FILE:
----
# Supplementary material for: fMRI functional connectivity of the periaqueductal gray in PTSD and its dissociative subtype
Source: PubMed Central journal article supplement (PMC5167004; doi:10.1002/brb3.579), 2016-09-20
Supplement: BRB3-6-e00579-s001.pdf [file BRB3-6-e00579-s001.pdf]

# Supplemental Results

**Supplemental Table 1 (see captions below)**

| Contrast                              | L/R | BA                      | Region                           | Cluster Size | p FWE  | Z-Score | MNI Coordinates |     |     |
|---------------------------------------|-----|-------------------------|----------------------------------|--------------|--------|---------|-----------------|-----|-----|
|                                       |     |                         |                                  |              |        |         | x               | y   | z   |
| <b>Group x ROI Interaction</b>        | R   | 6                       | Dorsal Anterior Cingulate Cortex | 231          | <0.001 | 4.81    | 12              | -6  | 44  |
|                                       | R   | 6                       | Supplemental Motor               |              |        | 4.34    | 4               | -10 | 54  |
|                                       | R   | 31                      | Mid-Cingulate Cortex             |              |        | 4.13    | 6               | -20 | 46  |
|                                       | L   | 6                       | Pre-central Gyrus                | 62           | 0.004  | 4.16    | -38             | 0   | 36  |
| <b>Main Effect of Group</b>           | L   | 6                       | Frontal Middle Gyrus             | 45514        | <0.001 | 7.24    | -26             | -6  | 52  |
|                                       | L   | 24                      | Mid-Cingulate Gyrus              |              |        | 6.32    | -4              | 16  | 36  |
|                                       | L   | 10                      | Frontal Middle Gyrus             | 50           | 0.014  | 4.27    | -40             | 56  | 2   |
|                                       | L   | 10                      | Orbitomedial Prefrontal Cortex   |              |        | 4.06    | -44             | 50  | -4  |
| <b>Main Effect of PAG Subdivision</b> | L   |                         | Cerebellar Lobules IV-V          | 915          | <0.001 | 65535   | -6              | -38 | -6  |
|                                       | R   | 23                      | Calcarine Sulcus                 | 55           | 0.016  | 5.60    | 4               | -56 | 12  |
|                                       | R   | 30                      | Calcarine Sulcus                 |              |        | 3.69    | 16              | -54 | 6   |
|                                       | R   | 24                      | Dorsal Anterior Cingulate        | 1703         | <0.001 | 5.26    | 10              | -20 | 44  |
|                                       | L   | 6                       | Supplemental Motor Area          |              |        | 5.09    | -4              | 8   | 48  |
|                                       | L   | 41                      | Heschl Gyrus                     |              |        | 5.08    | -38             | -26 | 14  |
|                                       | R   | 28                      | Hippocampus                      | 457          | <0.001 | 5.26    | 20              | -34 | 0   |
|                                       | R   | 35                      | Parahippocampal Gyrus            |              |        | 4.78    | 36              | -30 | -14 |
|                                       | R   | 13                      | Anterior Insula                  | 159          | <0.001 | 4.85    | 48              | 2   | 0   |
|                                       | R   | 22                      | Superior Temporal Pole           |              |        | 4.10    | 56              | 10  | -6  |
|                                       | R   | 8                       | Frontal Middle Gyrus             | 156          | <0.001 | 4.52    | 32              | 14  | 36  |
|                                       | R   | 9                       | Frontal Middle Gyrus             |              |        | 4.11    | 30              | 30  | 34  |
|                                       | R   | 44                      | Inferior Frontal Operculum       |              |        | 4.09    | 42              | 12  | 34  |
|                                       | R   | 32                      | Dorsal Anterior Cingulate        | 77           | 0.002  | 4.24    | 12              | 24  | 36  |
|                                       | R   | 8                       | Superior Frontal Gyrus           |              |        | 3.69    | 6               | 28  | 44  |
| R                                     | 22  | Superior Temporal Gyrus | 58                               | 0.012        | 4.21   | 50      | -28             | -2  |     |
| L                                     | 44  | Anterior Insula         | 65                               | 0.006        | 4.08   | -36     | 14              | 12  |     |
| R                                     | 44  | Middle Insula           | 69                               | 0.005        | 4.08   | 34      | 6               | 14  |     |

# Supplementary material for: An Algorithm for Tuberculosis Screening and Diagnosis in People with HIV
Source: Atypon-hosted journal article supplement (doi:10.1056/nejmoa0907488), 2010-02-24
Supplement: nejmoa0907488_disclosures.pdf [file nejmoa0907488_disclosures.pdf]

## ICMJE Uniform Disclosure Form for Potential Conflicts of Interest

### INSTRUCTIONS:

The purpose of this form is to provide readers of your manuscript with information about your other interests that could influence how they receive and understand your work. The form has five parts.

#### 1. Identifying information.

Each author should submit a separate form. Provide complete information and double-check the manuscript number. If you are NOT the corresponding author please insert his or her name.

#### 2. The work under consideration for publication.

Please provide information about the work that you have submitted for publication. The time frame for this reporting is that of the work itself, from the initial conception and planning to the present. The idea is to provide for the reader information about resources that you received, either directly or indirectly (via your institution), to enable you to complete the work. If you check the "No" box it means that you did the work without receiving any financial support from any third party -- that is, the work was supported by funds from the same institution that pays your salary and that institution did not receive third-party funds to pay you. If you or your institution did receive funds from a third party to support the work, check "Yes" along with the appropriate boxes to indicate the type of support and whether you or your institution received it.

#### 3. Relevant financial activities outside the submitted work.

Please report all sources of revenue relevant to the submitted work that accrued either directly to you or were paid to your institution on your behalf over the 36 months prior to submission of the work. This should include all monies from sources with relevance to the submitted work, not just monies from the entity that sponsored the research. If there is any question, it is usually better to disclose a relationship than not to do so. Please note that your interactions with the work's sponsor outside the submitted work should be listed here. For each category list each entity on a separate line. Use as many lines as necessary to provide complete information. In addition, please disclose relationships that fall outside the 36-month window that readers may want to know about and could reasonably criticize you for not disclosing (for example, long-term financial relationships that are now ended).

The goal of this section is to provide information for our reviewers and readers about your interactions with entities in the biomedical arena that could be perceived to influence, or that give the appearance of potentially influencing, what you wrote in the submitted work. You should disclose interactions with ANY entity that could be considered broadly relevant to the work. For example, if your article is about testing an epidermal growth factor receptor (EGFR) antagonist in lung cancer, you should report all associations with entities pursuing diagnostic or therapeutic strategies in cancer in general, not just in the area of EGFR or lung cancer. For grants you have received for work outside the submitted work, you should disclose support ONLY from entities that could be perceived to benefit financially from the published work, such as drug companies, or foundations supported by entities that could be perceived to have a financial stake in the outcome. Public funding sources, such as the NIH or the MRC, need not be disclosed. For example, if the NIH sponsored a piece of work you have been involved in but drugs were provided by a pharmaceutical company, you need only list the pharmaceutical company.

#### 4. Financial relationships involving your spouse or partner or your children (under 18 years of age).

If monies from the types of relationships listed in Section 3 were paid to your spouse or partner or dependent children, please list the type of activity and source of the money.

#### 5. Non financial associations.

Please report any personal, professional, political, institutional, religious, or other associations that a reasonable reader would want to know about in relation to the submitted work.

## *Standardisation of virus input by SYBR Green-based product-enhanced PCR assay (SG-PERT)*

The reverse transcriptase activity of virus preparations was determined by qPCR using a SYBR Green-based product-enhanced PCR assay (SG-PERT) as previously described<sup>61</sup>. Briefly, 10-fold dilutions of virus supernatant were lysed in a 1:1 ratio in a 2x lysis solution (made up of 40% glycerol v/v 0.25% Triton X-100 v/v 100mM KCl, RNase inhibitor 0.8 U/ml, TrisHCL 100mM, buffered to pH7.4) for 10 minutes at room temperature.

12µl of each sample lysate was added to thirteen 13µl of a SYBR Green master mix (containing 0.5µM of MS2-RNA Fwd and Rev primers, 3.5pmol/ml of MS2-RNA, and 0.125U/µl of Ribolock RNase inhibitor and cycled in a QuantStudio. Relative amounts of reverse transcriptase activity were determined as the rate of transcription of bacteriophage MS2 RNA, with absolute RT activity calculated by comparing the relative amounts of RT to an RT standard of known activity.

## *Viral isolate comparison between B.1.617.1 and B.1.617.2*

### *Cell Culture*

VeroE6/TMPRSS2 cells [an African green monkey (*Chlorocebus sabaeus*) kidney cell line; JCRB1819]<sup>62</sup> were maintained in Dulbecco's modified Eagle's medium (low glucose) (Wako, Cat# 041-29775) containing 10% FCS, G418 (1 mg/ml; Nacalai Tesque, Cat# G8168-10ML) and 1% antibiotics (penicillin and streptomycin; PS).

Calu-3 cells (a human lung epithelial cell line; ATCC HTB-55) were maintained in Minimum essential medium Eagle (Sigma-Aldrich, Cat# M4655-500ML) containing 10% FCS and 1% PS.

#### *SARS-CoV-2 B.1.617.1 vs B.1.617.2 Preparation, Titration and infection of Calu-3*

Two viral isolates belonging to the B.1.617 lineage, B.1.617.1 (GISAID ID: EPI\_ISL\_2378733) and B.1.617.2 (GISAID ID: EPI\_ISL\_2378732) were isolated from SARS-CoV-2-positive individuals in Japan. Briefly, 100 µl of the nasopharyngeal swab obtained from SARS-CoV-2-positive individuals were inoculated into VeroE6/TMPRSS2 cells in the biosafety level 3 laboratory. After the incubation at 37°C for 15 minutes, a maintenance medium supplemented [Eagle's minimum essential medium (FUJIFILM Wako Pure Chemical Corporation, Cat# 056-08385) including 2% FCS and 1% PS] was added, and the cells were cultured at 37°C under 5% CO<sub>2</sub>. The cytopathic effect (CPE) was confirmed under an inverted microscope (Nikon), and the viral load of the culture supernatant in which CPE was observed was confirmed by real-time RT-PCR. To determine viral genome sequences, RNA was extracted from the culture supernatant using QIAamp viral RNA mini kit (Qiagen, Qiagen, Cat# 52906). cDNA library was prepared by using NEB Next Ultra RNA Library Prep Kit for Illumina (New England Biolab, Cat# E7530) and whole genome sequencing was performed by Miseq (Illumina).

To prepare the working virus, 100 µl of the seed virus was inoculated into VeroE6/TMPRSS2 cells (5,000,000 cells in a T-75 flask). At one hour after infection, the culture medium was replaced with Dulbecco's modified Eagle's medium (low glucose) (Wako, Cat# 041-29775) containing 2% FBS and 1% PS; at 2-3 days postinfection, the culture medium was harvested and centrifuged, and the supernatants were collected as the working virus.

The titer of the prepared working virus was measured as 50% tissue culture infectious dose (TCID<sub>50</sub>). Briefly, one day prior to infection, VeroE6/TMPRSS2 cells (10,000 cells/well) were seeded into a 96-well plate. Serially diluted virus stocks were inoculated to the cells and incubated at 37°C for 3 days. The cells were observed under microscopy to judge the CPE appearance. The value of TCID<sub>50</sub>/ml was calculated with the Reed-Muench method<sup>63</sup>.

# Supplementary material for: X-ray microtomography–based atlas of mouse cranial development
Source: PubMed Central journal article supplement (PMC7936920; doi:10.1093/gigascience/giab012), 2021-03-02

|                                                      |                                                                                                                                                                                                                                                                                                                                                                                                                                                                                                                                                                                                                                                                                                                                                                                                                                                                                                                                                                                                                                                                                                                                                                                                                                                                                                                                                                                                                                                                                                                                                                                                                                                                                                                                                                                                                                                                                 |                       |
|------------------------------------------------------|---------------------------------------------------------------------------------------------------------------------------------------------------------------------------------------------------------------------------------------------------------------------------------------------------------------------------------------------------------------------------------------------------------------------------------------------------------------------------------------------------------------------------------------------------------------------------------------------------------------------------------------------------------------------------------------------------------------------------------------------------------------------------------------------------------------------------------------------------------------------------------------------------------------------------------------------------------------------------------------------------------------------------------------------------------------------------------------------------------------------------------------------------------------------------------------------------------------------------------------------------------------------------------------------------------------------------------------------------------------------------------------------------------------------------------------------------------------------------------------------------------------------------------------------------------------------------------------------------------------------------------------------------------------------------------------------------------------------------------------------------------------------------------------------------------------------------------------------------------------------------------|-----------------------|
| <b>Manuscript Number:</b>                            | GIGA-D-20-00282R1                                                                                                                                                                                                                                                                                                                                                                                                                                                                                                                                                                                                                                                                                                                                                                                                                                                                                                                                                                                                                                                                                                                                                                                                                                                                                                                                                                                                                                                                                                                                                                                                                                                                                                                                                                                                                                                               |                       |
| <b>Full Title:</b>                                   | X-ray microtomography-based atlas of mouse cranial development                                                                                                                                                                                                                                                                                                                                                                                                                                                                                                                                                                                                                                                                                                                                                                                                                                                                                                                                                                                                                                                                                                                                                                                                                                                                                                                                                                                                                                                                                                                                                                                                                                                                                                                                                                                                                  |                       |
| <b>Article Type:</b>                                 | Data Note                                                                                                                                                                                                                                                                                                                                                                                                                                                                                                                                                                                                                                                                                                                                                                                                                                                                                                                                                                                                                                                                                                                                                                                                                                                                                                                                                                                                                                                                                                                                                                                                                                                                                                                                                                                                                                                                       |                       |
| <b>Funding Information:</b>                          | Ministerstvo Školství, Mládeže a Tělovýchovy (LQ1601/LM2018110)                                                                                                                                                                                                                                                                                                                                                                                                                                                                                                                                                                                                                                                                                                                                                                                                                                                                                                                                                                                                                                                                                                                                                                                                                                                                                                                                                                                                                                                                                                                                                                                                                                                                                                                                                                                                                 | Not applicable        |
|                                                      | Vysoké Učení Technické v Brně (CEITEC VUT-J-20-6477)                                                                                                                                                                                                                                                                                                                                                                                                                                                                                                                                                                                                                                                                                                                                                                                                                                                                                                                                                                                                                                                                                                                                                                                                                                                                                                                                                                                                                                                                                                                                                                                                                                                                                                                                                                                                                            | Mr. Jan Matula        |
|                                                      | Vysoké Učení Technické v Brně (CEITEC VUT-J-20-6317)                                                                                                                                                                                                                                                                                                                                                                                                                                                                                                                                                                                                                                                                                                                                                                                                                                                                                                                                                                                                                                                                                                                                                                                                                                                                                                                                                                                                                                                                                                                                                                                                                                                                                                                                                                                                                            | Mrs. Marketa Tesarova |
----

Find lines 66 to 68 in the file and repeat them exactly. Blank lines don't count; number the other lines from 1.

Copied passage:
|------------------------------------------------------|---------------------------------------------------------------------------------------------------------------------------------------------------------------------------------------------------------------------------------------------------------------------------------------------------------------------------------------------------------------------------------------------------------------------------------------------------------------------------------------------------------------------------------------------------------------------------------------------------------------------------------------------------------------------------------------------------------------------------------------------------------------------------------------------------------------------------------------------------------------------------------------------------------------------------------------------------------------------------------------------------------------------------------------------------------------------------------------------------------------------------------------------------------------------------------------------------------------------------------------------------------------------------------------------------------------------------------------------------------------------------------------------------------------------------------------------------------------------------------------------------------------------------------------------------------------------------------------------------------------------------------------------------------------------------------------------------------------------------------------------------------------------------------------------------------------------------------------------------------------------------------|-----------------------|
| <b>Manuscript Number:</b>                            | GIGA-D-20-00282R1                                                                                                                                                                                                                                                                                                                                                                                                                                                                                                                                                                                                                                                                                                                                                                                                                                                                                                                                                                                                                                                                                                                                                                                                                                                                                                                                                                                                                                                                                                                                                                                                                                                                                                                                                                                                                                                               |                       |
| <b>Full Title:</b>                                   | X-ray microtomography-based atlas of mouse cranial development                                                                                                                                                                                                                                                                                                                                                                                                                                                                                                                                                                                                                                                                                                                                                                                                                                                                                                                                                                                                                                                                                                                                                                                                                                                                                                                                                                                                                                                                                                                                                                                                                                                                                                                                                                                                                  |                       |